We all have regrets in life - even those of us who claim not to have regrets. And one thing I do regret is not taking better care of myself, in terms of physical and fiscal health - which can be somewhat related. As I noted in a recent posting, it is tempting to treat yourself with some tasty tidbit, whether it is a high-calorie snack or a high-dollar purchase. The initial rush wears off quickly, though, and the long-term effect - on our health and wallet - makes us feel like shit. So we go back to the crack pipe, so to speak, for another hit of junk food or junk shopping, just to try to recapture that dopamine rush. It is, in no small way, akin to drug addiction. In fact, it is the exact same thing.
This is why I rail against the television and the poor normative cues it presents. The TeeVee wants you to be depressed, because depressed people are excellent consumers as I have noted time and time again. But only recently did I figure out how this works - how buying things and eating crap food gives us that dopamine rush, just as it does for drug addicts and alcoholics.
When you crash-land in retirement-land, it is akin to surviving a plane crash. The money train comes to an abrupt halt, and you realize (or should realize) that this is all you got left. You rummage through the wreckage of your tattered 401(k) plan, trying to figure out how long you can survive on those limited rations. Suddenly, it seems that things you took for granted, when you were flying high, were ridiculously obscene. You make a new friend out of a soccer ball, named "Wilson".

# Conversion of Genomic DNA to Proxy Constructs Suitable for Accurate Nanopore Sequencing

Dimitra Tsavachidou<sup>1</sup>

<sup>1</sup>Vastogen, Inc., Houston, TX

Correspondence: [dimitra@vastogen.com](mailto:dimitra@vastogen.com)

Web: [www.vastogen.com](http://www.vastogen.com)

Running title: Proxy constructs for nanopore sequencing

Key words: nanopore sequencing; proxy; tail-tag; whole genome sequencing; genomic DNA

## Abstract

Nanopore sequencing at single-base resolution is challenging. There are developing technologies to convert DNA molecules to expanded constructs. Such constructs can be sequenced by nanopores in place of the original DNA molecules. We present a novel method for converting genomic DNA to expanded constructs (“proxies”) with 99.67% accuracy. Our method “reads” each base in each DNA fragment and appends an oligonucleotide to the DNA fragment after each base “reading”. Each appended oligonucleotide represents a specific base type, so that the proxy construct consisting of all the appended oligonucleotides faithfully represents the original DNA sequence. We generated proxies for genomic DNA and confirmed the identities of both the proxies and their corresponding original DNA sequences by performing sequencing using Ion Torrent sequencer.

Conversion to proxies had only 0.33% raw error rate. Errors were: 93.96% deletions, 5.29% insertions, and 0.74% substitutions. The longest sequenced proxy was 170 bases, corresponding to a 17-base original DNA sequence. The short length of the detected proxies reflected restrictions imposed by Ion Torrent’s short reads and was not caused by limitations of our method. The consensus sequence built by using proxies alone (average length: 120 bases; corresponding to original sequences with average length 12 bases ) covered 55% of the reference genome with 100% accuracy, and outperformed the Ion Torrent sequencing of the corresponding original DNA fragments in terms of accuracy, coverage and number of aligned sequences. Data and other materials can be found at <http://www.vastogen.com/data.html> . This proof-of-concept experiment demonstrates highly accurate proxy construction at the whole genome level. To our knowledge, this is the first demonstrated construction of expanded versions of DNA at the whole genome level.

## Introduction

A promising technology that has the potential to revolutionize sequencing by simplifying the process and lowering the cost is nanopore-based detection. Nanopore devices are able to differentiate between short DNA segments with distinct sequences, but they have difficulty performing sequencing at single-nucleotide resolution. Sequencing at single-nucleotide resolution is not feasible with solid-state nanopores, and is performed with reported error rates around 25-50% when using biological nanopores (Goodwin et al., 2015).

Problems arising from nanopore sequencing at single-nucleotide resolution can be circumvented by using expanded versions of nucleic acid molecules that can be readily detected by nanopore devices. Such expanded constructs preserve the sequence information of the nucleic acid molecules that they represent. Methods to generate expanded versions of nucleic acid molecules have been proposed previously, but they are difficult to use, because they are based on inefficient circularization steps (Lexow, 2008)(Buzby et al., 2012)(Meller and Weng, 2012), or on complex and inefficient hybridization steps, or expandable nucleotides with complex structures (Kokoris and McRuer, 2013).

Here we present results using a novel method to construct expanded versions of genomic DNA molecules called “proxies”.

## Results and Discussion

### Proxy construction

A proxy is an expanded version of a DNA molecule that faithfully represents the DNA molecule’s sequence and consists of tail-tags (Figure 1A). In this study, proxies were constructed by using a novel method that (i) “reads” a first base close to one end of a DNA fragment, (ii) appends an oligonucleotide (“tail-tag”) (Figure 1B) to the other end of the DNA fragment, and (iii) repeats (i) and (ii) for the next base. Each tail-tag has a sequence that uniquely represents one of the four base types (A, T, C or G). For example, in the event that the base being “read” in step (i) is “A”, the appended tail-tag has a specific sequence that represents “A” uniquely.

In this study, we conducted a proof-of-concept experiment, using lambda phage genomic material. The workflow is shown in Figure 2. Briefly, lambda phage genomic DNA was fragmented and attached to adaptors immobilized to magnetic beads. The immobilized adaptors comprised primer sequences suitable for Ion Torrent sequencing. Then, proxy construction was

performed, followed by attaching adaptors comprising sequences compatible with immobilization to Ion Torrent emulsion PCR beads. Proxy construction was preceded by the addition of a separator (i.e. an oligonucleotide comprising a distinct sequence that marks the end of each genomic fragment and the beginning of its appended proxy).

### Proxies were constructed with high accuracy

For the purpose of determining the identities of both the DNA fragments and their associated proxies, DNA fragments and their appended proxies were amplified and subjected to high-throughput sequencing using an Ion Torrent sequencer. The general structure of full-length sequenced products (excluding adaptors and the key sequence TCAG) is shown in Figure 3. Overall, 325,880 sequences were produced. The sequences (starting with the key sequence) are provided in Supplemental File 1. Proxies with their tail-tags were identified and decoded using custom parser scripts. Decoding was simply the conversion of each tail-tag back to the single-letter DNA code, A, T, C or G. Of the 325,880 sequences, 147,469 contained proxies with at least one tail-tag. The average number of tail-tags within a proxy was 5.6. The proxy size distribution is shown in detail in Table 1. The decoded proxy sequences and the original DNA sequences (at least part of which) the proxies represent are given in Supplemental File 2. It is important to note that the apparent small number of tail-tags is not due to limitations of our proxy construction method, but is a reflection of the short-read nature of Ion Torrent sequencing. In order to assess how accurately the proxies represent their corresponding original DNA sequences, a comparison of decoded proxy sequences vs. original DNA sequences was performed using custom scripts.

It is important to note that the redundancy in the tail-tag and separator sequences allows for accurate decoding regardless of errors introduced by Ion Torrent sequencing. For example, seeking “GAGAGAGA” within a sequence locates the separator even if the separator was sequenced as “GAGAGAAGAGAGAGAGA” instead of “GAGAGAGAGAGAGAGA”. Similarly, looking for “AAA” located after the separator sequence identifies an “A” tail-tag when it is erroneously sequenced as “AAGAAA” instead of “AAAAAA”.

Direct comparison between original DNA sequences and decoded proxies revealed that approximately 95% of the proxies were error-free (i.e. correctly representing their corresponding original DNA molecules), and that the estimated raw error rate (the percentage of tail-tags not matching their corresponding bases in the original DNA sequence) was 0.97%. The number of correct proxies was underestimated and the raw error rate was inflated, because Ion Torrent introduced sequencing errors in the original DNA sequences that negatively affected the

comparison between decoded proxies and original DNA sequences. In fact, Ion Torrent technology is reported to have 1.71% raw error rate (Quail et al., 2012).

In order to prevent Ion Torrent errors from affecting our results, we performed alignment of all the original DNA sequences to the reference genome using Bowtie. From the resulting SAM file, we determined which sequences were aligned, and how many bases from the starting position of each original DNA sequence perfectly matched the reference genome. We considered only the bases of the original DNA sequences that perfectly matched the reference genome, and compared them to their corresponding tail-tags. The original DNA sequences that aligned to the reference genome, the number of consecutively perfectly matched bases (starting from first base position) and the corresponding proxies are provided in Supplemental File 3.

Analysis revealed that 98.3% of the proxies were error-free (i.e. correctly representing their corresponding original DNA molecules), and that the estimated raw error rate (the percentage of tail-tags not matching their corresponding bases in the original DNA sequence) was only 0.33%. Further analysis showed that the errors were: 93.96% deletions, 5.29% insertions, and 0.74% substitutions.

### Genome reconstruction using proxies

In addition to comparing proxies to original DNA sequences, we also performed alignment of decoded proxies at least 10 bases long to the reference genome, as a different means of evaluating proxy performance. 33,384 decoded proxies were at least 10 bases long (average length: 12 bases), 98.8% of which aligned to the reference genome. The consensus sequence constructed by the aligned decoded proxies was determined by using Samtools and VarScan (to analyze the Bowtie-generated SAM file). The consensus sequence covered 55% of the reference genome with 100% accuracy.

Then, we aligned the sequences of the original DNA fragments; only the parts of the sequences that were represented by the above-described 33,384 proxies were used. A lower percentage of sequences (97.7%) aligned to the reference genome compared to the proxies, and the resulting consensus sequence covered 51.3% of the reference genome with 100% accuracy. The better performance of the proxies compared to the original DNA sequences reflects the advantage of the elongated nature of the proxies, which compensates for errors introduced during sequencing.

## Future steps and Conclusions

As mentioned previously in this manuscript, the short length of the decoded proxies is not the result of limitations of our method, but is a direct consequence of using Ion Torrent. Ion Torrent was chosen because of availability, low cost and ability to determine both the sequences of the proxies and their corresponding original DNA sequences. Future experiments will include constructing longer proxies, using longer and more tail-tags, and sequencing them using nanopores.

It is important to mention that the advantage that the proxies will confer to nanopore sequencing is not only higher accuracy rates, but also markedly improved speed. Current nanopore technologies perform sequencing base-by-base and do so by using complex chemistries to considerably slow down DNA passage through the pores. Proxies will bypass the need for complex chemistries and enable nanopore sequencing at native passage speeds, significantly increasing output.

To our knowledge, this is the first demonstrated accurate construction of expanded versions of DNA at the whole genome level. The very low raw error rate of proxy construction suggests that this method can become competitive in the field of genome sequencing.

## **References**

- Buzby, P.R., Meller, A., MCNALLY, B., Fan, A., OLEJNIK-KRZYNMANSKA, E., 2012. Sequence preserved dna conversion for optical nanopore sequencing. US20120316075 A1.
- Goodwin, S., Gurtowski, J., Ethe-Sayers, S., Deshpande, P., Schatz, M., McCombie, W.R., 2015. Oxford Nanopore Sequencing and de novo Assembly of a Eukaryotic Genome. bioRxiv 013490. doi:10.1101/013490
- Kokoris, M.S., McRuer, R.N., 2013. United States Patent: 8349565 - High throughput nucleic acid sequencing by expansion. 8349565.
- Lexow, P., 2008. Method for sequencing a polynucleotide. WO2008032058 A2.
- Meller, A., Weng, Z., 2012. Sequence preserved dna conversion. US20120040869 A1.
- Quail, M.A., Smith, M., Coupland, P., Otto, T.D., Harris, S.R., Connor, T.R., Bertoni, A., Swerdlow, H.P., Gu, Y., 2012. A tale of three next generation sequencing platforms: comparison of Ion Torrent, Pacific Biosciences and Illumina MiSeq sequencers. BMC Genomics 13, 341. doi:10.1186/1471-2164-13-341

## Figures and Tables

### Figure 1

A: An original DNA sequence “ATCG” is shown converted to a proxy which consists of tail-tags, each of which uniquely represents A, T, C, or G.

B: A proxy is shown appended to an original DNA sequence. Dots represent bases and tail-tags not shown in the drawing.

My parents went through this before me. I recounted before how my Dad dug a jacket out of the closet that I had used as a paperboy back in 1973. It was bright yellow and I had bought it intentionally so that the snow-plow drivers would see me during the morning blizzards. It was now 30 years old and my Dad started wearing it. "This fits great!" he said. And I guess, since he paid for it, it was his to wear. But stuff like that happens when you retire - you suddenly start to make use of things that in a previous life, you would have discarded.
I have always had a love-hate relationship with clothes. I was never a clothes-horse or interested in fashions and styles, in fact finding all of that to be a lot of phony marketing bullshit. I mean, what better way to sell someone something they don't need, other than to tell them their serviceable clothing is now hopelessly "out of style." And people buy into this, too. A friend in Atlanta told us that "no one wears pleated pants, anymore!" as if we were country bumpkins who were embarrassing him in front of his real friends. We don't hang with him anymore, to say the least.